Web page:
I always wondered the fate of these 3 guys Nov 20, 2014 10:01:41 GMT 8 Karl Welteke, Registrar, and 1 more like this
Post by xray on Nov 20, 2014 10:01:41 GMT 8
Probably the most iconic image to come out of the death March.
I remember seeing it when I was a kid browsing through history books, I knew off the bat that I was witnessing a very bad scene. The man on the right looks under extreme duress, he has had more than enough than a man can possibly take and he looks like he is very to vent his anger and snap. The man in the middle next to him is more than aware of the volatile situation, and seems by reflex to try to put some distance between himself and the man, although there is no where to go.
The man on the left seems resigned and stoic, calmly observing the situation without wanting to become involved himself, but you know he has got to be a bucket full of nerves, who wouldn't be ?
All 3 have their hands tied behind their backs so they were apparently guilty of some serious infraction.
So I have stumbled upon this pic again and again dozens of times, first in books and then on the internet. Each time I study it as if its the first time I have ever seen it, it is just that powerful.
All of this time up until yesterday [11/18/14] I had figured these guys were nameless victims whos fate would never be known. Indeed, there are 1,000's of men like this who names will never be known and whos stories will never be told. It turns out that is far from the truth, their names and fate are well known, and here it is for those who also may have seen this pic over the years and not know their fates ,,, Which unfortunately were none too good.
The man on the left is Private First Class Samuel Stenzler, died at Camp O'Donnell on May 26, 1942.
Man in the middle is Private First Class Frank Spear, survived the horrors of O'Donnell and a hellship voyage, but was decapitated at Niigata Camp 5-B by the camp commander on July 9, 1945
Man on the right is Captain James McDonald Gallagher, he died shortly after this pic was taken, perhaps on the same day. His body was never recovered, and he is not even listed on the official POW rolls because he died on the march, I guess they didn't officially become captives until they made it to the camp.
So there you have it, now these faces have names and their stories are known.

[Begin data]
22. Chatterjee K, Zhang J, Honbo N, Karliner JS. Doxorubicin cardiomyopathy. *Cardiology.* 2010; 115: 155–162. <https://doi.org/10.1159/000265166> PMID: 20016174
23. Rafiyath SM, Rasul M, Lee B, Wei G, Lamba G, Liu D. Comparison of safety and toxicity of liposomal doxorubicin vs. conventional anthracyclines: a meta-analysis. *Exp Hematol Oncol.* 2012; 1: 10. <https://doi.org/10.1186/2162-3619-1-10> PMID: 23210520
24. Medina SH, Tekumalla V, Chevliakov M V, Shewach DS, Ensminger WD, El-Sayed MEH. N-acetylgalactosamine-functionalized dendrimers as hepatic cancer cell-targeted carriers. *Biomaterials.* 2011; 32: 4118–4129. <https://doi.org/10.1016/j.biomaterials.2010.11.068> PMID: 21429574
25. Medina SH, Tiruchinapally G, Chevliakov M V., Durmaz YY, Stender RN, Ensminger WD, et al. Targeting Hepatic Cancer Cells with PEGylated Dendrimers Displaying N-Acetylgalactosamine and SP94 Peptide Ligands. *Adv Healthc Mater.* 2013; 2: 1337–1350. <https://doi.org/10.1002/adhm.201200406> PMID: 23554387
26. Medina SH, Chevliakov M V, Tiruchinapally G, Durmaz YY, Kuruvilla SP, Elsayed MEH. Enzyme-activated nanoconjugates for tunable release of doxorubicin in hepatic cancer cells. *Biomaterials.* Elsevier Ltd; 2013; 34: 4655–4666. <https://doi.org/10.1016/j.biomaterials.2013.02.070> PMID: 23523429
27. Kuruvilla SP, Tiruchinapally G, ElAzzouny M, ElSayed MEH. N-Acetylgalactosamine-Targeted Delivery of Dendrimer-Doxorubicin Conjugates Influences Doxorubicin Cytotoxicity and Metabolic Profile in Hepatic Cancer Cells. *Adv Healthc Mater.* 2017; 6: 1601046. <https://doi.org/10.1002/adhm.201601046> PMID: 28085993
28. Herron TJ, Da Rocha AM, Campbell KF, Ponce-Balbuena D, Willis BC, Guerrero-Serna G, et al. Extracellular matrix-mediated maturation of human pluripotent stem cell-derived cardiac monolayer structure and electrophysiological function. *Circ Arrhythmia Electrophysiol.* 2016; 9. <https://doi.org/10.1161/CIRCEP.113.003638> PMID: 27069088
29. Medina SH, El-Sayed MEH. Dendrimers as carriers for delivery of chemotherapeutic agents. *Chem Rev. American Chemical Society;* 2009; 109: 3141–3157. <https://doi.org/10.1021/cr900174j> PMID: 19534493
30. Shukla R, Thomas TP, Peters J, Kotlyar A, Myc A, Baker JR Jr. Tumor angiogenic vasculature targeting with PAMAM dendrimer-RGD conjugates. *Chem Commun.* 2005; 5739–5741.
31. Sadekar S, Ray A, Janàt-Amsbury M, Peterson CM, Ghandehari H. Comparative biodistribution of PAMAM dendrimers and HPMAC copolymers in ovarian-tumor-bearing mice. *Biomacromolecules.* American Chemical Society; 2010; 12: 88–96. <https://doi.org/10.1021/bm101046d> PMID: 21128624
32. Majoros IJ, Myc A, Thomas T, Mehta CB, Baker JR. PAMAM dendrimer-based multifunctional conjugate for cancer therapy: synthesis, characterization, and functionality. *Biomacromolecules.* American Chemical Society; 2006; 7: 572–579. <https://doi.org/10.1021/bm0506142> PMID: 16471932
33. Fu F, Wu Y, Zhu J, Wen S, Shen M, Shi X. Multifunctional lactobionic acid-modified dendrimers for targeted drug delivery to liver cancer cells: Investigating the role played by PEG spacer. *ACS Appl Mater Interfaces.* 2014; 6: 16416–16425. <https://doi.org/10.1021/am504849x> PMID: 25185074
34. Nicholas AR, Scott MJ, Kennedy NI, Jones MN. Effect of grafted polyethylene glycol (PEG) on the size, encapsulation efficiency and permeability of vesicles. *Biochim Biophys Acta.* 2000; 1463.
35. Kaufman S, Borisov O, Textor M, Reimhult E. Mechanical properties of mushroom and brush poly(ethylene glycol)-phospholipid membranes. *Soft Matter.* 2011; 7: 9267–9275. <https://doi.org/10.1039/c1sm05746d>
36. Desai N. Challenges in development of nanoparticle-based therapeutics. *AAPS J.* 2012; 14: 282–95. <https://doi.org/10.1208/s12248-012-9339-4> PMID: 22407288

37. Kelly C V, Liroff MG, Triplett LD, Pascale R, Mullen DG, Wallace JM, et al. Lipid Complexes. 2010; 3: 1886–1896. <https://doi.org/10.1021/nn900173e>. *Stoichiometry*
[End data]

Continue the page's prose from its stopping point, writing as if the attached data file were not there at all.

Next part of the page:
From left to right: Private First Class Samuel Stenzler (September 15, 1893-May 26, 1942); Private First Class Frank Spear (1919-July 9, 1945) and Captain James McDonald Gallagher (1915-April 9, 1942) are resting with hands bound during the Bataan Death March to Camp O'Donnell, Capas, Tarlac, Philippines in a captured Japanese photo. Their hands are bound because they were found to possess either Japanese money, personal photos, or some other contraband. The figure to the extreme right is a Japanese soldier, who the three appear to be listening to. It's likely Gallagher and possibly the other men were beaten soon after this view was taken. None of the three men would survive captivity; all were weakened by lack of food, extreme stress, and constant movement. Samuel Stenzler was born in Tluste, Poland (then part of Austria) and immigrated to the United States as a child. He married and resided in San Antonio, Texas, applying for American citizenship in 1909. Stenzler registered for the draft in World War I, listing his occupation as "Soldier (Discharged)." After the death of his wife, he rejoined the United States Army on February 27, 1940, and was assigned to Company C, 31st Infantry Regiment of the Philippine Division, the premier American fighting unit in the Philippines. The 31st Regiment fought in the Battles of Layac (January 6, 1942) and Abucay Hacienda (January 17-24, 1942). C Company renamed the Abucay battlefield "Dead Men's Hill" because of their losses and the high number of Japanese casualties. The 31st Infantry Regiment fought a delaying action through April 1942 but was short of food, ammunition, and reinforcements throughout the campaign; the unit never had more than 60% of its authorized strength available. Company C surrendered on April 9, 1942 with the rest of the 31st Regiment when United States Army Major General Edward P. King capitulated the Bataan peninsula. Stenzler died at Camp O'Donnell on May 26, 1942, probably because of starvation, constant physical and mental abuse, and overwork. His remains were repatriated and reburied at Long Island National Cemetery on October 18, 1949. Frank Spear was born in Ledalis, Missouri. A Mormon, Spear enlisted on August 13, 1941 in Salt Lake City, Utah, and arrived in Manila aboard one of the last transports before the war began and was assigned to the Far East Air Force's 4th Chemical Company (Aviation). When the 31st Infantry was depleted in combat, Spear and the rest of 4th Chemical were assigned to the regiment because they had infantry training. Spears served with I Company after the Battle of Abucay Hacienda. After surviving Camp O'Donnell, Spear was sent on the "hell ship" Taga Maru on September 20, 1943 to Niigata Camp 5-B, arriving in Osaka, Japan on October 5. Camp Commandant Lt. Tetsutaro Kato personally executed Spear on July 9, 1945, after Spear became insane with hunger and attempted to escape several times. Spear was bayoneted several times in front of the whole camp. Kato was sentenced to death for killing Spear by the International Military Tribunal for the Far East, but his sentence was commuted to twenty years by SCAP Commander General of the Army Douglas MacArthur. When control of Kato was returned to the Japanese government in 1950, he was released with time served in 1952. Kato wrote ""Watashi wa Kai ni Naritai" ("I Want To Be A Shellfish") a novel dramatizing his wartime experiences and incarceration, claiming he was ordered to kill Spear by his superiors. The novel was made into a successful television movie in 1959 by Tokyo Broadcasting Service, and remade for television in 2007 and into a theatrical film in 2008. Spear's insanity, brought on by years of malnutrition, confinement and torture, is not mentioned, nor is Spear mentioned by name. Spear is memorialized at the Manila American Cemetery. James M. Gallagher was born in Philadelphia, Pennsylvania and attended Georgetown University in the mid-thirties. He attended Reserve Officers Training while in college. After college he joined the United States Army. When he arrived in the Philippines, he was assigned as a training officer to the 33rd Infantry Regiment of the 31st Infantry Division of the Philippine Army. Gallagher was killed the day this photo was taken or soon after. His family published a book of his letters home in memory of him. Gallagher was also honored in the annual of the American Catholic Historical Society of Philadelphia. Gallagher was left off the official Prisoner of War rolls because he died on the Bataan Death March; his body was never recovered. He is also memorialized at Manila American Cemetery. Gallagher was awared the Sliver Star, the Bronze Star and the Purple Heart.